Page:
Stratton v. Wallace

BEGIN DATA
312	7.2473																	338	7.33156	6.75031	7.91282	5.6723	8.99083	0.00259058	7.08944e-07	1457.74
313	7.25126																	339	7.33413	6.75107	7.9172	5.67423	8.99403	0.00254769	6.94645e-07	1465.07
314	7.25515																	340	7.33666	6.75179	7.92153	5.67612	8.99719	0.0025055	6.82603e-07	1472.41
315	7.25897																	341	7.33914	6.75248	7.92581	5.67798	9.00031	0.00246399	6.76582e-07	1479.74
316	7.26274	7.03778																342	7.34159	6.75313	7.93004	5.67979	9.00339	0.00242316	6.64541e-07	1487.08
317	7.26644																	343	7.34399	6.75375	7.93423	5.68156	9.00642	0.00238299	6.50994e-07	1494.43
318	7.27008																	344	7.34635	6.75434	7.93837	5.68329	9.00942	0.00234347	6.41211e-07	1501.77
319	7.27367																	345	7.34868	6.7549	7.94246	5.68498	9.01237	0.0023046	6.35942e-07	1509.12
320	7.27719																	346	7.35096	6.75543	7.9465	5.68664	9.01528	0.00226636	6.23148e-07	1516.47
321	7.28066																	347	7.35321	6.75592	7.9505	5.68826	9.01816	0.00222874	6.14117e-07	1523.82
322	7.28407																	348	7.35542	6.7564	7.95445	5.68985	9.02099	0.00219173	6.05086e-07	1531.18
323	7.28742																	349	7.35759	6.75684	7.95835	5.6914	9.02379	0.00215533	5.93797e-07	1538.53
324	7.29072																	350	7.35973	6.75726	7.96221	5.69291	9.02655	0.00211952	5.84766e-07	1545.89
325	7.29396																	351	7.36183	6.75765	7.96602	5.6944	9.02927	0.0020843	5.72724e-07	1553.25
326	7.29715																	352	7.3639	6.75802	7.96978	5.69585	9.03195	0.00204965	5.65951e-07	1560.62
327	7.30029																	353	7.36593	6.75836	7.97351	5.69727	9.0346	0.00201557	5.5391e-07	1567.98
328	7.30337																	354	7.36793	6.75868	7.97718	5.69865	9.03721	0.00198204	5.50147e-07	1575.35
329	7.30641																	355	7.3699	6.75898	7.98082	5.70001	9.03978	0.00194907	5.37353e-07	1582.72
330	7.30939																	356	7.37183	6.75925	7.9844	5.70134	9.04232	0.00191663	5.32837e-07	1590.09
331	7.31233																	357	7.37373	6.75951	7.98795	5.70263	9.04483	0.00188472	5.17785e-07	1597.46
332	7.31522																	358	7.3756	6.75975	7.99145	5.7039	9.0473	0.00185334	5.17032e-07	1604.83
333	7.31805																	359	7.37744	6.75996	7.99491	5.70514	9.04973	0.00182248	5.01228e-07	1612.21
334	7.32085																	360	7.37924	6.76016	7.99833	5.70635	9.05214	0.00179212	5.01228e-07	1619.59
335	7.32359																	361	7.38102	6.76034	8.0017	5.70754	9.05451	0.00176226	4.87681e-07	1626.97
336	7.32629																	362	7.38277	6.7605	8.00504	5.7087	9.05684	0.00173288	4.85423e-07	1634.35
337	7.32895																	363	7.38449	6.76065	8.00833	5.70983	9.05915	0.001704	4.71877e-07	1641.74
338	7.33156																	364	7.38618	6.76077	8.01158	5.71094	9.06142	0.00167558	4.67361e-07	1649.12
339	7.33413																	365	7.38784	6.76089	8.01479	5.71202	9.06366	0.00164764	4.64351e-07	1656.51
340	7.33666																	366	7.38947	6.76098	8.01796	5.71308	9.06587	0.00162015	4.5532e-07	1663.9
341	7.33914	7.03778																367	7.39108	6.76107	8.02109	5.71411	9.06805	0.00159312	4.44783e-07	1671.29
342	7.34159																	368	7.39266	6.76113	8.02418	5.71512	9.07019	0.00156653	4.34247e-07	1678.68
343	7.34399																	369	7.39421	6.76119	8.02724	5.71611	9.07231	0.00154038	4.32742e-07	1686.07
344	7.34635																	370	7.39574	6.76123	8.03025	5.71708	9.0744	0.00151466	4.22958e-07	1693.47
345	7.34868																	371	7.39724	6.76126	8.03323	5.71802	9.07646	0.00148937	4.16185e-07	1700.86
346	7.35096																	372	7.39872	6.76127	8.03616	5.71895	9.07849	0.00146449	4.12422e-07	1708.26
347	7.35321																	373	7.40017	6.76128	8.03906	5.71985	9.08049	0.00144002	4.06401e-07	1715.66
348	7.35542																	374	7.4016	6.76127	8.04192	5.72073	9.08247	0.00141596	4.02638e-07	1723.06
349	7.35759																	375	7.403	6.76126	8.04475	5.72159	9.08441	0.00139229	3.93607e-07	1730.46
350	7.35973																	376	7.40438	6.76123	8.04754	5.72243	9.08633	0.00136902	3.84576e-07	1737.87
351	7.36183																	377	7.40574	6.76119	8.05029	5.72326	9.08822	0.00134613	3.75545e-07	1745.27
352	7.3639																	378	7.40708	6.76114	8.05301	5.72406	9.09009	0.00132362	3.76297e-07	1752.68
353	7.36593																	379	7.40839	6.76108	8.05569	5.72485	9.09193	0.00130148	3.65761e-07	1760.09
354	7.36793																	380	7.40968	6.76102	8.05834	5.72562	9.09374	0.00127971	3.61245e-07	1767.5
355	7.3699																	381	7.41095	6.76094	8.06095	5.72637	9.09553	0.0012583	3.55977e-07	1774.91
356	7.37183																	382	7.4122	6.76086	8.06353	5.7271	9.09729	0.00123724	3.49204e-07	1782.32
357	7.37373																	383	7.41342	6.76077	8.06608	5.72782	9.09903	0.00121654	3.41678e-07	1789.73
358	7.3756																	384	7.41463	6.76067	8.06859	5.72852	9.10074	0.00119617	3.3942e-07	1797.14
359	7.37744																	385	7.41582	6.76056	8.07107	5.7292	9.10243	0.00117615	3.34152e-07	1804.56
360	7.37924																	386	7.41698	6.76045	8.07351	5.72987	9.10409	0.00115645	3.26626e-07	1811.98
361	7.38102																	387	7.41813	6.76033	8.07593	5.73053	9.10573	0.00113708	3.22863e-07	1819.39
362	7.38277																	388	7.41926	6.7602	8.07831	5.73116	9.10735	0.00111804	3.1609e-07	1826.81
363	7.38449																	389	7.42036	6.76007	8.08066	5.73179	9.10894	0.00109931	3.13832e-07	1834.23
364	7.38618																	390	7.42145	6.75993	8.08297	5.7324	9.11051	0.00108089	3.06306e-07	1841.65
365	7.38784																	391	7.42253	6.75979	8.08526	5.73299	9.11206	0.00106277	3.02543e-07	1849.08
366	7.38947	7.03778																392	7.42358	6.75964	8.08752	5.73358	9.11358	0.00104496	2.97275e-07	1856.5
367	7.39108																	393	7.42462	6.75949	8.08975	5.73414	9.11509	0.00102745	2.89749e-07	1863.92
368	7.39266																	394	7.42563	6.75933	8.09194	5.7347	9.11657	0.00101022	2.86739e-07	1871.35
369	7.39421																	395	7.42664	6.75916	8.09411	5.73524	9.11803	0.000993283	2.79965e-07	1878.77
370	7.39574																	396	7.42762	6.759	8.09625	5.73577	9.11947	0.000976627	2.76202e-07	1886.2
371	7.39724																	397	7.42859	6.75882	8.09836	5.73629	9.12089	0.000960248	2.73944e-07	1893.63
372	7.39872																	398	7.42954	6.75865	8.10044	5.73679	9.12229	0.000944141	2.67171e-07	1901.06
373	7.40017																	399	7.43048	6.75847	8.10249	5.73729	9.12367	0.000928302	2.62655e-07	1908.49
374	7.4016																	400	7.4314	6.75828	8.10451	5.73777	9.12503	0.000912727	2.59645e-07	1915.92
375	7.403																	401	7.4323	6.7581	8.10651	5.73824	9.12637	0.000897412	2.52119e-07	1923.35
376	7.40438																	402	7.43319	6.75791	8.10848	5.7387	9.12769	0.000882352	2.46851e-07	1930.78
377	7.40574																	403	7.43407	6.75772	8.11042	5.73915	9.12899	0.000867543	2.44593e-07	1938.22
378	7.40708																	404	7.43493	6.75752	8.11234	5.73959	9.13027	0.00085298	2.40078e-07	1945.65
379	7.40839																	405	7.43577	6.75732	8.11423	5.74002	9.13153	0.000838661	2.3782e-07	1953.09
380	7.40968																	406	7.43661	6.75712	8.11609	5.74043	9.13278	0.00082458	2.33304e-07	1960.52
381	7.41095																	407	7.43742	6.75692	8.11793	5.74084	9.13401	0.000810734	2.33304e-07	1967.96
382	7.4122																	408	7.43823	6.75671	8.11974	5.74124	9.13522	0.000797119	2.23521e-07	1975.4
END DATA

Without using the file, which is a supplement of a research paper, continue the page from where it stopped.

Stratton’s wife Julie was killed when her disabled car was struck by a tractor-trailer-owned by Great River Leasing Inc. (GRLI)-driven by Wallace. Stratton’s lawsuit named GRLI, Wallace’s employer Millis Transfer Inc., and their corporate parent Midwest Holding Group Inc. Both Michael and GRLI-which has no paid employees and operates exclusively as a vehicle and trailer purchase and leasing company- sought judgment as to GRLI’s protection from vicarious liability by 49 USC §30106, the Graves Amendment, which provides that firms that lease or rent vehicles may not be held vicariously liable for the negligence of those to whom their vehicles are leased or rented. GRLI was not required to lease its vehicles to all qualified customers. The court declined to adopt a magistrate judge’s recommendation that GRLI be granted judgment. It granted Stratton partial summary judgment. GRLI and Millis were “affiliates” as defined by the Graves Amendment. To immunize the vehicle’s owner from vicarious liability, the court interpreted §30106 (a)(2) to require that both the owner and the affiliate of the owner be free from negligence. The court determined that in such a scenario, New York’s vicarious liability statute might still apply.